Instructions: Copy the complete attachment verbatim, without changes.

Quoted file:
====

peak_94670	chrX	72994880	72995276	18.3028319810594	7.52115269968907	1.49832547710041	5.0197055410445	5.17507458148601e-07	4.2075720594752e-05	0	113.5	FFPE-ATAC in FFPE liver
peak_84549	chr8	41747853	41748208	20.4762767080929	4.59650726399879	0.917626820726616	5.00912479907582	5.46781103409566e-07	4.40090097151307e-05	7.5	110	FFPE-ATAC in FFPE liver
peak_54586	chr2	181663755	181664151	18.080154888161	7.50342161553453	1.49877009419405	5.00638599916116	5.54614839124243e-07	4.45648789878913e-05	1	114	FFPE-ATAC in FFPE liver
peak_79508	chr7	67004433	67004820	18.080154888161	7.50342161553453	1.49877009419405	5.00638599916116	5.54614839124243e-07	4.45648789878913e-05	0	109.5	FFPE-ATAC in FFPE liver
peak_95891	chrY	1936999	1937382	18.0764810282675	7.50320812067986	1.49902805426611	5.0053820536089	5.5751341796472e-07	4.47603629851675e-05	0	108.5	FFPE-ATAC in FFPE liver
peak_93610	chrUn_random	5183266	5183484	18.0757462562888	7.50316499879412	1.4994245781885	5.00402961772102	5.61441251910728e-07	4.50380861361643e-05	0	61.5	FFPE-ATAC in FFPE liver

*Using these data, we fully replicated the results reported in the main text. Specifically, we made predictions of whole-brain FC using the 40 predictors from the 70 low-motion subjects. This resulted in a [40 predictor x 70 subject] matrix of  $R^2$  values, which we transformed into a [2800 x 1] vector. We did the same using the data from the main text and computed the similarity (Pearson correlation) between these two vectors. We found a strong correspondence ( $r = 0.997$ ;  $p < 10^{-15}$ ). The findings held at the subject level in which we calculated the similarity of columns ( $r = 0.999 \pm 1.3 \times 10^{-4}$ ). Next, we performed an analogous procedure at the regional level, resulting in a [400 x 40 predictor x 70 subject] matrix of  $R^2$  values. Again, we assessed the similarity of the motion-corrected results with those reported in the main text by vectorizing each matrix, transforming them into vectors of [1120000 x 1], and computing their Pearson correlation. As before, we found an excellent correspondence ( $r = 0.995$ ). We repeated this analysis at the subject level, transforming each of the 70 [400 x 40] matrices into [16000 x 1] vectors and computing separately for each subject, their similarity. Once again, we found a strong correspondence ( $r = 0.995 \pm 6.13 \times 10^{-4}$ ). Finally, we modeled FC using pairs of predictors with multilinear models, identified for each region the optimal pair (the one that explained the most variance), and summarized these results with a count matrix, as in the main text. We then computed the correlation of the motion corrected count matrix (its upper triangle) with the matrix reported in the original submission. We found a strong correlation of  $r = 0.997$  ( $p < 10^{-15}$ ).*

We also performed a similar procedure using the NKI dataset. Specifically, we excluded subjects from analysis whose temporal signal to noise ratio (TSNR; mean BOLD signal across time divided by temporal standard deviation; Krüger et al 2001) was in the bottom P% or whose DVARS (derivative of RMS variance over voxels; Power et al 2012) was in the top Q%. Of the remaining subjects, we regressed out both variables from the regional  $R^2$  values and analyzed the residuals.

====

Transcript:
peak_94670	chrX	72994880	72995276	18.3028319810594	7.52115269968907	1.49832547710041	5.0197055410445	5.17507458148601e-07	4.2075720594752e-05	0	113.5	FFPE-ATAC in FFPE liver
peak_84549	chr8	41747853	41748208	20.4762767080929	4.59650726399879	0.917626820726616	5.00912479907582	5.46781103409566e-07	4.40090097151307e-05	7.5	110	FFPE-ATAC in FFPE liver
peak_54586	chr2	181663755	181664151	18.080154888161	7.50342161553453	1.49877009419405	5.00638599916116	5.54614839124243e-07	4.45648789878913e-05	1	114	FFPE-ATAC in FFPE liver
peak_79508	chr7	67004433	67004820	18.080154888161	7.50342161553453	1.49877009419405	5.00638599916116	5.54614839124243e-07	4.45648789878913e-05	0	109.5	FFPE-ATAC in FFPE liver
peak_95891	chrY	1936999	1937382	18.0764810282675	7.50320812067986	1.49902805426611	5.0053820536089	5.5751341796472e-07	4.47603629851675e-05	0	108.5	FFPE-ATAC in FFPE liver
peak_93610	chrUn_random	5183266	5183484	18.0757462562888	7.50316499879412	1.4994245781885	5.00402961772102	5.61441251910728e-07	4.50380861361643e-05	0	61.5	FFPE-ATAC in FFPE liver

*Using these data, we fully replicated the results reported in the main text. Specifically, we made predictions of whole-brain FC using the 40 predictors from the 70 low-motion subjects. This resulted in a [40 predictor x 70 subject] matrix of  $R^2$  values, which we transformed into a [2800 x 1] vector. We did the same using the data from the main text and computed the similarity (Pearson correlation) between these two vectors. We found a strong correspondence ( $r = 0.997$ ;  $p < 10^{-15}$ ). The findings held at the subject level in which we calculated the similarity of columns ( $r = 0.999 \pm 1.3 \times 10^{-4}$ ). Next, we performed an analogous procedure at the regional level, resulting in a [400 x 40 predictor x 70 subject] matrix of  $R^2$  values. Again, we assessed the similarity of the motion-corrected results with those reported in the main text by vectorizing each matrix, transforming them into vectors of [1120000 x 1], and computing their Pearson correlation. As before, we found an excellent correspondence ( $r = 0.995$ ). We repeated this analysis at the subject level, transforming each of the 70 [400 x 40] matrices into [16000 x 1] vectors and computing separately for each subject, their similarity. Once again, we found a strong correspondence ( $r = 0.995 \pm 6.13 \times 10^{-4}$ ). Finally, we modeled FC using pairs of predictors with multilinear models, identified for each region the optimal pair (the one that explained the most variance), and summarized these results with a count matrix, as in the main text. We then computed the correlation of the motion corrected count matrix (its upper triangle) with the matrix reported in the original submission. We found a strong correlation of  $r = 0.997$  ( $p < 10^{-15}$ ).*

We also performed a similar procedure using the NKI dataset. Specifically, we excluded subjects from analysis whose temporal signal to noise ratio (TSNR; mean BOLD signal across time divided by temporal standard deviation; Krüger et al 2001) was in the bottom P% or whose DVARS (derivative of RMS variance over voxels; Power et al 2012) was in the top Q%. Of the remaining subjects, we regressed out both variables from the regional  $R^2$  values and analyzed the residuals.